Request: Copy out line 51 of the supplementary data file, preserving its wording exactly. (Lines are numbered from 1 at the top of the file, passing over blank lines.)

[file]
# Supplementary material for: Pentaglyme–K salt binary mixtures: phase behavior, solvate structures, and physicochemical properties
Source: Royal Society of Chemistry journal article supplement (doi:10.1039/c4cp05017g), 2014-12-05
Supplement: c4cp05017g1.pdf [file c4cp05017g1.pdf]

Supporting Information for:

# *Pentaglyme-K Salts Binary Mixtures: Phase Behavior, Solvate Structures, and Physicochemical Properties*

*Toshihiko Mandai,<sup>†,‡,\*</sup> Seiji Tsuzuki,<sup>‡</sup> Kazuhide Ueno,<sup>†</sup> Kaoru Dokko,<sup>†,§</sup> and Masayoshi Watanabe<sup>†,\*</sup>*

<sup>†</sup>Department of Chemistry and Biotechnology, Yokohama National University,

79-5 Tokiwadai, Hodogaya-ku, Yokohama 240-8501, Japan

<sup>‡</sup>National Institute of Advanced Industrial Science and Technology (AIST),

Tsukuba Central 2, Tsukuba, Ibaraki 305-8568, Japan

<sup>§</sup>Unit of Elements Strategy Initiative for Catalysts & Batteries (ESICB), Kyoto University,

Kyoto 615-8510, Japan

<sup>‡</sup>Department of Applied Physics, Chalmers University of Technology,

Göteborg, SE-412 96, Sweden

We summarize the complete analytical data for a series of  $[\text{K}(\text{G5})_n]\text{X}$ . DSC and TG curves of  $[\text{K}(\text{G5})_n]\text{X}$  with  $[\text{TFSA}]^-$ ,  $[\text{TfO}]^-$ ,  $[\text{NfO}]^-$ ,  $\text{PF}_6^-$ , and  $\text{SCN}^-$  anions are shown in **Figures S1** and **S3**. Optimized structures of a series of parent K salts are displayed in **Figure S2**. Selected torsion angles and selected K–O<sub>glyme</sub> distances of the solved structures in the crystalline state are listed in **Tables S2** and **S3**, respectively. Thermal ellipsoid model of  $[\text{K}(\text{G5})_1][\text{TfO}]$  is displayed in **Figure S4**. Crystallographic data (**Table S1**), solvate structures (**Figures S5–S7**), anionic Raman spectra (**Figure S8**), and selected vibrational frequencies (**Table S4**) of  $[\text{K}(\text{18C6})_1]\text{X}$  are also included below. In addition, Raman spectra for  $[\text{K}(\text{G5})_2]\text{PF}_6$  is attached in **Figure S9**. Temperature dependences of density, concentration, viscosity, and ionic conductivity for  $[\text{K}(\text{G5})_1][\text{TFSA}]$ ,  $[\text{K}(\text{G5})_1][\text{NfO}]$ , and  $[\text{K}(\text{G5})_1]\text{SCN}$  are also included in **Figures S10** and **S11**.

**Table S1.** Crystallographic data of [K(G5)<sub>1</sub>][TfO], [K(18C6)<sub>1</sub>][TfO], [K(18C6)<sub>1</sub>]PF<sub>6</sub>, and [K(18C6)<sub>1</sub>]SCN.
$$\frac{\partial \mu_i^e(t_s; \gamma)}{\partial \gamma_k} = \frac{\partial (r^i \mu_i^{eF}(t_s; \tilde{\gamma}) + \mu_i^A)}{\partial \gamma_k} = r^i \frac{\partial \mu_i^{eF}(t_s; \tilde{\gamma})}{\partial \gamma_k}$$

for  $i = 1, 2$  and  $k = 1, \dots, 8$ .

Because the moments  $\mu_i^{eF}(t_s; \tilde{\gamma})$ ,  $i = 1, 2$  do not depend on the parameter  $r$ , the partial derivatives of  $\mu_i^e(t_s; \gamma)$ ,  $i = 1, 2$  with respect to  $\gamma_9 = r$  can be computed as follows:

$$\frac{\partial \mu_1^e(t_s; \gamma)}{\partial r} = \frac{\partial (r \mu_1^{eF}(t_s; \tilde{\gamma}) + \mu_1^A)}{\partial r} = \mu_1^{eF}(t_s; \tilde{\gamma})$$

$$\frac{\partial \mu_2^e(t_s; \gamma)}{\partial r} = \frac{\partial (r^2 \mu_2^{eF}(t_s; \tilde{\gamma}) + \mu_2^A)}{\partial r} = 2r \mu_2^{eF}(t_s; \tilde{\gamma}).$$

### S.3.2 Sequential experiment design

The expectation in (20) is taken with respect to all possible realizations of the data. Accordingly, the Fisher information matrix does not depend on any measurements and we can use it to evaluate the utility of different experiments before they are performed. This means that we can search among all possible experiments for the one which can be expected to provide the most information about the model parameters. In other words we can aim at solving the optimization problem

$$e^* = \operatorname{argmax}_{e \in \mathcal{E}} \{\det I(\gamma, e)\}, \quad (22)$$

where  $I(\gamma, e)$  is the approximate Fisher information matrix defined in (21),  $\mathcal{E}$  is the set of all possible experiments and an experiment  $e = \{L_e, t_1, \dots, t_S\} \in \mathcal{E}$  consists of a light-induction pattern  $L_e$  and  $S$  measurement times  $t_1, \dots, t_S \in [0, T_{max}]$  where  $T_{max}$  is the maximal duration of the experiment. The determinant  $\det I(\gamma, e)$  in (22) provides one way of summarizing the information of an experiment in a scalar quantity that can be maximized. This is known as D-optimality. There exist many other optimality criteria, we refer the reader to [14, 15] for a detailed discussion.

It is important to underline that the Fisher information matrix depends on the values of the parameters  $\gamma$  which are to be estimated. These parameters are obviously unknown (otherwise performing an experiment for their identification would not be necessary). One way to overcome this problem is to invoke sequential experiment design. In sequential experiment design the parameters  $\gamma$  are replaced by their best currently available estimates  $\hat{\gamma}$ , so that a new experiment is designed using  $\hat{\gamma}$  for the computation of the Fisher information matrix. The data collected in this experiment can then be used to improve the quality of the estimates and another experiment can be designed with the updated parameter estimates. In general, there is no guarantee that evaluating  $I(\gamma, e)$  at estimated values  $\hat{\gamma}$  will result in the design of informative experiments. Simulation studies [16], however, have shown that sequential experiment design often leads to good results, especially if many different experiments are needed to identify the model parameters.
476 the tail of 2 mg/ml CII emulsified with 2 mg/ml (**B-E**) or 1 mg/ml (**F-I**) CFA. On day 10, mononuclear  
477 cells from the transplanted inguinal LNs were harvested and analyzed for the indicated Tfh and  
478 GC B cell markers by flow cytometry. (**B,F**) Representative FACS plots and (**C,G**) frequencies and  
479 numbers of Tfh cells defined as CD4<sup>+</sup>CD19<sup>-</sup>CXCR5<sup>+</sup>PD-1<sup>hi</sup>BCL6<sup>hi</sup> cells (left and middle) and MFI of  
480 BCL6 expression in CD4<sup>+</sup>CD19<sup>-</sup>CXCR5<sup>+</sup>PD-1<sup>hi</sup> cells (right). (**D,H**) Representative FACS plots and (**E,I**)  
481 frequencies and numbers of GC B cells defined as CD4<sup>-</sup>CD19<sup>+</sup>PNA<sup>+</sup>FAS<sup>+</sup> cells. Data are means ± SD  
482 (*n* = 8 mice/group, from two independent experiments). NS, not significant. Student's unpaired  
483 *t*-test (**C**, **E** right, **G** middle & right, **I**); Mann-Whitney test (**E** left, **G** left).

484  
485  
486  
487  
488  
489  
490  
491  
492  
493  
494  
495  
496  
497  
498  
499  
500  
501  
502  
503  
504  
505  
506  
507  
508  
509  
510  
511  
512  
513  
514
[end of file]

500  